Snowboarding Tech this Season
With the season quickly approaching, it’s time to check out the latest and greatest in snowboarding tech. In the last few years snowboard technology has improved, making it more conducive for beginners to learn and for more advanced riders to shred up the mountain and terrain parks.
Here are a couple things to look out for in snowboarding technology:
Edge tech has improved over the years, changing where the board is going to grab and dig in. Changes in edge technology have been one of the greatest factors in making it easier for beginners to learn how to turn, changing where the edge grabs the snow in beginner boards, making it easier to turn and less likely for a beginner to catch an edge and fall hard.
Kyle Petri, Breck Sports manager, said one of the trends this year was changing board shapes. Instead of most snowboards being the symmetrical, twin-tip shape, companies are making more asymmetrical and directional boards. Snowboard shapes that are made to be more specific to snowboarding in powder, carving groomers, or getting tricky in the park. Powder boards tend to be a tapered shape, wider in the nose than in the tail. Snowboards for carving deep turns on groomers are a directional shape. Snowboards meant for the park are true twin tip shape, meaning that it performs the same when riding switch. Of course all-mountain boards are a nice compromise of all these shapes.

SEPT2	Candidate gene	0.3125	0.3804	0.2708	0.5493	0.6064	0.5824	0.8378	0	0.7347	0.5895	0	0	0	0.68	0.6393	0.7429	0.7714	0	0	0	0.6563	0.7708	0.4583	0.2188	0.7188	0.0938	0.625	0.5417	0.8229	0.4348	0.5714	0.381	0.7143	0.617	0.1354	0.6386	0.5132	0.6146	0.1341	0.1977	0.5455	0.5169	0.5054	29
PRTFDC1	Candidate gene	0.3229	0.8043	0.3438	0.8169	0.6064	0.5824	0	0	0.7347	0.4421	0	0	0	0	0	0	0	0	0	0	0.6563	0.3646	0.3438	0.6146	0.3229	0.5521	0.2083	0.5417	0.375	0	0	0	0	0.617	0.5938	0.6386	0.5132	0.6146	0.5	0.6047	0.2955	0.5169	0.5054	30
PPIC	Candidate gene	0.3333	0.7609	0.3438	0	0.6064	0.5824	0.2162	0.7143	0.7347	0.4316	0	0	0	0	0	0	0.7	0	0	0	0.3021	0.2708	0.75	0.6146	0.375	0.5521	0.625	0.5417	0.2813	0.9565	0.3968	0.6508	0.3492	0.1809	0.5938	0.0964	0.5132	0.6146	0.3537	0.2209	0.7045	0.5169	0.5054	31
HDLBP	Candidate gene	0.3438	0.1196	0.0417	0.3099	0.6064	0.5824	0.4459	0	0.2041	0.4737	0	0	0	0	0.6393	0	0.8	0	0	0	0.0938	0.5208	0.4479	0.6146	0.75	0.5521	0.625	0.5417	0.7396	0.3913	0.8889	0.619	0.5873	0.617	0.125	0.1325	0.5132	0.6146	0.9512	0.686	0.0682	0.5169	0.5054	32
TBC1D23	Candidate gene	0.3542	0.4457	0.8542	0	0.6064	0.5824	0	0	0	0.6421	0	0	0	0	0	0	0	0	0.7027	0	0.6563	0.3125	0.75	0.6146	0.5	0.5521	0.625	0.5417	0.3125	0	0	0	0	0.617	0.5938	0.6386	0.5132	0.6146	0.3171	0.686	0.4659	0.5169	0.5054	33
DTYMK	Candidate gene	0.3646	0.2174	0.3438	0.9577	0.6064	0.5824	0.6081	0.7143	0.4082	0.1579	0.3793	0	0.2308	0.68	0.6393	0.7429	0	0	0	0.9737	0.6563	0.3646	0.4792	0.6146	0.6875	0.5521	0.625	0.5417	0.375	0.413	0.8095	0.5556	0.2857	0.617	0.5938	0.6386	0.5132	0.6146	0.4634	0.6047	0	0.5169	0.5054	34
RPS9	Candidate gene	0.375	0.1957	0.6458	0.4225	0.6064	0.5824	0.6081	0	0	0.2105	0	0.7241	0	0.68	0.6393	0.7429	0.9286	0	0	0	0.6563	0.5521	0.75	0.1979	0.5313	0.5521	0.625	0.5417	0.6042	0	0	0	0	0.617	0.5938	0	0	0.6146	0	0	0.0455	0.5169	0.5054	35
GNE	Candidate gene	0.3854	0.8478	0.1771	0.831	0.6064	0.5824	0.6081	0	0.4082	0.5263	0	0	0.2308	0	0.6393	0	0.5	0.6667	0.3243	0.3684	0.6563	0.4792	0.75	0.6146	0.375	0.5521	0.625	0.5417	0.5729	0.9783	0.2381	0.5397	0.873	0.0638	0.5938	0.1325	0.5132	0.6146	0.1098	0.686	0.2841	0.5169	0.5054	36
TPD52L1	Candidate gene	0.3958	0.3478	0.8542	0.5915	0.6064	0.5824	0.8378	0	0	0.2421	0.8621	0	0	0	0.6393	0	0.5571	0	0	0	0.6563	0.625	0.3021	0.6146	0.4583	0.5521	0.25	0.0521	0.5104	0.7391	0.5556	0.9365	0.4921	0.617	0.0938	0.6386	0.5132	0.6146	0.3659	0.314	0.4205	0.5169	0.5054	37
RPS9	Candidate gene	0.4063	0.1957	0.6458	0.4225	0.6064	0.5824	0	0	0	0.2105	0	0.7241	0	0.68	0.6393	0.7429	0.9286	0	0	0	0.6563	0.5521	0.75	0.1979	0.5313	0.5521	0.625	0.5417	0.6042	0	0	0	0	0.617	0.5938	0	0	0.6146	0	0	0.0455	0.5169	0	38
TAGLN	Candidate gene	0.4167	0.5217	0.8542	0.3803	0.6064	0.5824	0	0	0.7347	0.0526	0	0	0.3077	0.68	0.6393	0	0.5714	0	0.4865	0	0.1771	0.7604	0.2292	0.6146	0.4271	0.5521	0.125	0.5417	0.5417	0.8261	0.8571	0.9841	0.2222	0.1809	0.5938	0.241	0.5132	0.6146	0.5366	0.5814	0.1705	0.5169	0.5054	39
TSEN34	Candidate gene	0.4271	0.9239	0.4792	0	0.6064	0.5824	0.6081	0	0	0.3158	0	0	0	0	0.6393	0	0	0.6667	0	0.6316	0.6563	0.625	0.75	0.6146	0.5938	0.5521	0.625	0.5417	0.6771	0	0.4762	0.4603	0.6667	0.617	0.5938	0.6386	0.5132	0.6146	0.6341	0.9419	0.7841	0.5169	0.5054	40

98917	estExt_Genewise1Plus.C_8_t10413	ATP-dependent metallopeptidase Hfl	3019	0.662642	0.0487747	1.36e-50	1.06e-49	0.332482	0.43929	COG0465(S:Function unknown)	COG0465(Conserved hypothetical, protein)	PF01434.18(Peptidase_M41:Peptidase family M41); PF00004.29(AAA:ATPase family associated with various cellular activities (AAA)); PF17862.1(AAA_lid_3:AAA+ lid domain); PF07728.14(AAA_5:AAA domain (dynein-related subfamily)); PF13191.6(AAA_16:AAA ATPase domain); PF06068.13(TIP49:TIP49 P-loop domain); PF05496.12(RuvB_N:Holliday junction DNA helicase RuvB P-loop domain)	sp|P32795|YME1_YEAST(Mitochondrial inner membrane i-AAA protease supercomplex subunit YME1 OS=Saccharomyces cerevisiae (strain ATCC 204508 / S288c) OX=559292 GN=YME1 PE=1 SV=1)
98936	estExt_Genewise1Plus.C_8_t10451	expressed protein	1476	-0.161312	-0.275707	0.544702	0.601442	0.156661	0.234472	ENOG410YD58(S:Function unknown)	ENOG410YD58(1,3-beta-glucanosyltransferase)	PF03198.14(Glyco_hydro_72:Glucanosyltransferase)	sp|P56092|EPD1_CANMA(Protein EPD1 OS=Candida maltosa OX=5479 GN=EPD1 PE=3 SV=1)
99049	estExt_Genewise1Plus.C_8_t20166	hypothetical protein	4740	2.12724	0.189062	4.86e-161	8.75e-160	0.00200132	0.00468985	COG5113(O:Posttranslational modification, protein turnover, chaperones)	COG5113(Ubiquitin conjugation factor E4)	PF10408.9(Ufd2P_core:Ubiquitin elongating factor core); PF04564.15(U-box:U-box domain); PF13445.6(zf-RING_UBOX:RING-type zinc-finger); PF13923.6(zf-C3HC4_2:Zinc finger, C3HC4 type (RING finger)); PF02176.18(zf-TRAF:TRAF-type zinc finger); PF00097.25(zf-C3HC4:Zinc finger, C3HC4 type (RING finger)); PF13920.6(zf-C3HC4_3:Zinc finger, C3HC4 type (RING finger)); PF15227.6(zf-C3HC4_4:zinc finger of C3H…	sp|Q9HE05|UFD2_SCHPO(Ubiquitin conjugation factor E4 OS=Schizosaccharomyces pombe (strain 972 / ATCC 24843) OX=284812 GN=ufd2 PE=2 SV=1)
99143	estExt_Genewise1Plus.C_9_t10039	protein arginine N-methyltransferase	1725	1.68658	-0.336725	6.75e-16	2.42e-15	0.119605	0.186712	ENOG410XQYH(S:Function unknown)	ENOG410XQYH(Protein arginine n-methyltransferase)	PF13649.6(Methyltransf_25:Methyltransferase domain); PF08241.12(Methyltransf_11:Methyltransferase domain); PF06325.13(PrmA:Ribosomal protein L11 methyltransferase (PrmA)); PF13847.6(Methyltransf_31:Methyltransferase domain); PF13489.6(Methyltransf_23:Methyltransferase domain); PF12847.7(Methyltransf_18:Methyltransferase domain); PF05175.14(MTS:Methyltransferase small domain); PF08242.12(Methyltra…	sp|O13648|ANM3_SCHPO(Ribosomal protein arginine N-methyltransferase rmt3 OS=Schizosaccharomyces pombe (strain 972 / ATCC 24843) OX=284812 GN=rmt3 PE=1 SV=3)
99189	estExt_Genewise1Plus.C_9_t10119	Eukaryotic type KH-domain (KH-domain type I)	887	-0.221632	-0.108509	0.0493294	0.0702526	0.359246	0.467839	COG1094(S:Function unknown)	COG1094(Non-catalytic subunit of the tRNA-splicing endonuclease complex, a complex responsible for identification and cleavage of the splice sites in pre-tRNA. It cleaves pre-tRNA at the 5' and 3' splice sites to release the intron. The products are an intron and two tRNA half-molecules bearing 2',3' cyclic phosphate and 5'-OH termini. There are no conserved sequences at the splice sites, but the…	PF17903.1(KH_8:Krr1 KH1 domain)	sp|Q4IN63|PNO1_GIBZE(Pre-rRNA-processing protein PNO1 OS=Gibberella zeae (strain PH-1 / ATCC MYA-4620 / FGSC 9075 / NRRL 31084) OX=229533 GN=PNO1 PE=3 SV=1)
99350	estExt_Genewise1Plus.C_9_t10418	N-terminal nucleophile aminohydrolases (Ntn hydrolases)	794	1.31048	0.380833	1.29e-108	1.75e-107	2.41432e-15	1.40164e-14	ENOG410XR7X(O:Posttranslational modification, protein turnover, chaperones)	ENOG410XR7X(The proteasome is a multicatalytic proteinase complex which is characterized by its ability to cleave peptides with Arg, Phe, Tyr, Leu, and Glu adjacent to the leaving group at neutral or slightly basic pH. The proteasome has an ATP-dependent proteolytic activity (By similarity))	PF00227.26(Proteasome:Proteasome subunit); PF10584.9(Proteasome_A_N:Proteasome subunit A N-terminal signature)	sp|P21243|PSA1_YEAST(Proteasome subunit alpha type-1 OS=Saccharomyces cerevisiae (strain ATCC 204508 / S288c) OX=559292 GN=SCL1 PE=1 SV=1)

Camber and rocker refer to the contact points on the base of the board. In the last few years companies have been making a variety of different camber, rocker, and combinations. The camber of the board affects its overall stability as well as its ability to float on powder and pop for jumps.
The backcountry is not just for skiers anymore! Many snowboard companies are starting to produce splitboards. A splitboard is a snowboard that can be separated down the middle into something resembling telemark skis, allowing the snowboarder to easily climb and traverse, and the two halves can be reconnected for the descent.
Many companies are making an effort to use recycled materials and source them locally as well as manufacture locally.
Let’s hear it in the comments – are you planning on trying any new snowboard tech this season?
– Carol Saade